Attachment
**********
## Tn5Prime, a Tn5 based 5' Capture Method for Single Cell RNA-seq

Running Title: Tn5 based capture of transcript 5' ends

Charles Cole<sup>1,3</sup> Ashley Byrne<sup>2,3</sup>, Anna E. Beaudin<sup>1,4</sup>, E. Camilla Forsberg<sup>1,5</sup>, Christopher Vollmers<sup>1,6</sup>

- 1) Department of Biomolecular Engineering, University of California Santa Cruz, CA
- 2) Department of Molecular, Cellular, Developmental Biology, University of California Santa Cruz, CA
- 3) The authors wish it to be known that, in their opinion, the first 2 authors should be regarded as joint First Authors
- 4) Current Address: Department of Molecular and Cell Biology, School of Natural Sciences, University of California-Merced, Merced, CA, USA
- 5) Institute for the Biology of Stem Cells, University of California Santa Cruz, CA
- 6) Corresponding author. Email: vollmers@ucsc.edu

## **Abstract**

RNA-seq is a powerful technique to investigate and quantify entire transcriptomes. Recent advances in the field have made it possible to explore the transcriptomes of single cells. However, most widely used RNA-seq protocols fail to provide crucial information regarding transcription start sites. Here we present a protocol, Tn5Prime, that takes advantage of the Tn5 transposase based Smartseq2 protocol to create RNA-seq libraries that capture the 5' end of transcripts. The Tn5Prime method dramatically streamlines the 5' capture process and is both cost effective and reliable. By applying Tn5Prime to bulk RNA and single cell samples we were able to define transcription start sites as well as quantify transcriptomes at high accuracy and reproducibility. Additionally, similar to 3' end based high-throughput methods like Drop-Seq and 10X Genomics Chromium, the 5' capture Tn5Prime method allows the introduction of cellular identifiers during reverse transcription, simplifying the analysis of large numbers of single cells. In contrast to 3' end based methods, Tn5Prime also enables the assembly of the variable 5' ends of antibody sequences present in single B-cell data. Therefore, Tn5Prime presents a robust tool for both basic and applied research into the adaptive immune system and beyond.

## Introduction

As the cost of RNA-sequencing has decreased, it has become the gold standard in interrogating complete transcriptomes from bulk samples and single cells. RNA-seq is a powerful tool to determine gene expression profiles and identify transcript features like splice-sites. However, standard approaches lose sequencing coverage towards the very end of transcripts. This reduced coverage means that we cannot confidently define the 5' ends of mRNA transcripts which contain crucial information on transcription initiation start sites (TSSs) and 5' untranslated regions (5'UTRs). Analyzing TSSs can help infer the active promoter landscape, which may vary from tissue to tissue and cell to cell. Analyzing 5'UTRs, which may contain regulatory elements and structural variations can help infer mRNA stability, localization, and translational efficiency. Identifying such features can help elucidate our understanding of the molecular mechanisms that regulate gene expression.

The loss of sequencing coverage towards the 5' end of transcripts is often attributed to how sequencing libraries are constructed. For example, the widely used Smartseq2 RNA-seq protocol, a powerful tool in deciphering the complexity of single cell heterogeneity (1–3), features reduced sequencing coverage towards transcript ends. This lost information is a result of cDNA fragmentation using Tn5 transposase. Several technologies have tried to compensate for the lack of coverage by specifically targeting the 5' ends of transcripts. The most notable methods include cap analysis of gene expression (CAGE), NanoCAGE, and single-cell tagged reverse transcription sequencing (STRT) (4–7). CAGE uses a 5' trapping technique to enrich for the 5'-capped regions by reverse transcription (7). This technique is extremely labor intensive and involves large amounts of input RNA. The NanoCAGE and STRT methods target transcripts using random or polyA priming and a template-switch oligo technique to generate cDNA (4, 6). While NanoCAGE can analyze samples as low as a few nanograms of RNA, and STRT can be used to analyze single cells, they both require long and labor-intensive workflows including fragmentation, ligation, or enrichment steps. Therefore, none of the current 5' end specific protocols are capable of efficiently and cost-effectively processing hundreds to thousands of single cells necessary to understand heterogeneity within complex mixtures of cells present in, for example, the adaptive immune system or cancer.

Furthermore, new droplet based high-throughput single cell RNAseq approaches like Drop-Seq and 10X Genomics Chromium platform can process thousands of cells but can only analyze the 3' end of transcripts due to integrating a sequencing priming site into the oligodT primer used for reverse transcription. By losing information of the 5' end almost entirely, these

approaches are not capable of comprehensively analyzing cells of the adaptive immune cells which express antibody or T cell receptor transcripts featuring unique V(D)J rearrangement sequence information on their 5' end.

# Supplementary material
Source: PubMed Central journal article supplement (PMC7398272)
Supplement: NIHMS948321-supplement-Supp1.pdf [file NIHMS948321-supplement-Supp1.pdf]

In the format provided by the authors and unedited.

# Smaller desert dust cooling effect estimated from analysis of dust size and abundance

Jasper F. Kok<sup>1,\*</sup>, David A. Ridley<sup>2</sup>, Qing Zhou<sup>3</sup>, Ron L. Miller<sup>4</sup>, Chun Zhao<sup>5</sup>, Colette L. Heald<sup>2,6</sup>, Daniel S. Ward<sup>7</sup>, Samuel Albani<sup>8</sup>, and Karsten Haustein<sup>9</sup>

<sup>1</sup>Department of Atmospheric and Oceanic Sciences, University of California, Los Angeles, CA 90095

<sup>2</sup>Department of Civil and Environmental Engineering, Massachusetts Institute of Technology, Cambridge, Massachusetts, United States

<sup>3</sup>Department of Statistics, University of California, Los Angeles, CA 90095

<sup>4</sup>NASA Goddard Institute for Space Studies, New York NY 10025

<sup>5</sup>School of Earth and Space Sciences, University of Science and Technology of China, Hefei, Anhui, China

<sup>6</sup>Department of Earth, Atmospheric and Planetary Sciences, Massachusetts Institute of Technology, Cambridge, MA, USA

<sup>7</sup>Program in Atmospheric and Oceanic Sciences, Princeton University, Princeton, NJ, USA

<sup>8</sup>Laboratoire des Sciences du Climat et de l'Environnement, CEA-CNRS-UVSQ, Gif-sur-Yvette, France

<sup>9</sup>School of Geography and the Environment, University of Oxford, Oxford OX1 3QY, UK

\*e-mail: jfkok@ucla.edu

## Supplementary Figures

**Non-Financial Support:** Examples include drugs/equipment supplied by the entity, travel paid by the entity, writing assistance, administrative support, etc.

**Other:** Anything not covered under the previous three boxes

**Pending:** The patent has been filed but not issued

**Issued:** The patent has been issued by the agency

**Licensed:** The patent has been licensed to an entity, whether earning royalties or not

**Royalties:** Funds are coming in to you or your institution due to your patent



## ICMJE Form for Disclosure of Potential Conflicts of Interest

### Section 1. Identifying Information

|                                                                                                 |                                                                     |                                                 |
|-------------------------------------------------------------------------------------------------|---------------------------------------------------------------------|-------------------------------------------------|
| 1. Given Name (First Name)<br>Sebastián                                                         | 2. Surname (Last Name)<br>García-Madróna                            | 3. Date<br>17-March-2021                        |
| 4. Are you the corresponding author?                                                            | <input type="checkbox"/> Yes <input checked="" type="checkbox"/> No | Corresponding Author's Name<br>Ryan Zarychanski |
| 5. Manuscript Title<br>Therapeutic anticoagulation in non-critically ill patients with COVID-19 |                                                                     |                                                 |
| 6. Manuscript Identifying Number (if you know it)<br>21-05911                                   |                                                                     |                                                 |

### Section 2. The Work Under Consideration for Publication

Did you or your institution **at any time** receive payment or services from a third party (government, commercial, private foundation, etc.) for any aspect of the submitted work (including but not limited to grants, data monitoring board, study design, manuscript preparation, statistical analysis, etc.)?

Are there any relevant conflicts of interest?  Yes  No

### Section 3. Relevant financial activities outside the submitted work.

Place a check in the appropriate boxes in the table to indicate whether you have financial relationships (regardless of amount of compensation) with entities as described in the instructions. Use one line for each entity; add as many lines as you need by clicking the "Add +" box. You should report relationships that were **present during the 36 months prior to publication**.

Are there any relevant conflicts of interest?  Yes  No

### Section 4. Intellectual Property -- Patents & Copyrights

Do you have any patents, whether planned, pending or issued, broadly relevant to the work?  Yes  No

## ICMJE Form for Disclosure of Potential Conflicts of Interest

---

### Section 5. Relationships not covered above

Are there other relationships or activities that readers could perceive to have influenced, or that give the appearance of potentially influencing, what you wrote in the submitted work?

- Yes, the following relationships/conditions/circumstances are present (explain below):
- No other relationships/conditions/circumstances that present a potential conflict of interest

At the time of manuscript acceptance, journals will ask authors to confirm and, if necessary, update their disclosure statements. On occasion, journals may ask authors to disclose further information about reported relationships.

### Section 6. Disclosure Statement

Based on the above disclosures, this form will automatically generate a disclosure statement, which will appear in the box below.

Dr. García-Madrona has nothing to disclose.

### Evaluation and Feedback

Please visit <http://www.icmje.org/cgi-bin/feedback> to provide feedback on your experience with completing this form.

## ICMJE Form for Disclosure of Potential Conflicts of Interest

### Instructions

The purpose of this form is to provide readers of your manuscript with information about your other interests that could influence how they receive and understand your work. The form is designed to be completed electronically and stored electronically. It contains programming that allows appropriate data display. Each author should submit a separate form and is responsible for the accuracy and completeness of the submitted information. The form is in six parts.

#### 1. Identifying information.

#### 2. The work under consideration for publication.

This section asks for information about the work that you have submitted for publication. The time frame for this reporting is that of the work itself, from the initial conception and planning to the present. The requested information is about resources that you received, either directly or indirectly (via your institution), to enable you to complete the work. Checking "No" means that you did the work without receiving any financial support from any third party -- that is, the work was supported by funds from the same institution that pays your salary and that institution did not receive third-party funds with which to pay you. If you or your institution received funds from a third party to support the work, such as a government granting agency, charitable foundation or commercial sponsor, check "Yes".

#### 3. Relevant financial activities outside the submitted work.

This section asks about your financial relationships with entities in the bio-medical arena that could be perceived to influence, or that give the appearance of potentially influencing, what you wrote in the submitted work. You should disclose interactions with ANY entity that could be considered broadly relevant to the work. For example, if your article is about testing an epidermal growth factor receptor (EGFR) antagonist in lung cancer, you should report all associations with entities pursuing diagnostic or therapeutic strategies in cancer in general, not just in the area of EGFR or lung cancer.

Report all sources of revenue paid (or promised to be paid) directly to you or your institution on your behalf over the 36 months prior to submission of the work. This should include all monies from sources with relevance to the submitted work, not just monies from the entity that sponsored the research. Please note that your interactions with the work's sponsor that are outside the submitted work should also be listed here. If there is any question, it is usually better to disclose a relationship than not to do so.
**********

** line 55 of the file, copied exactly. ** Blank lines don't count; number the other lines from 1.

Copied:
Do you have any patents, whether planned, pending or issued, broadly relevant to the work?  Yes  No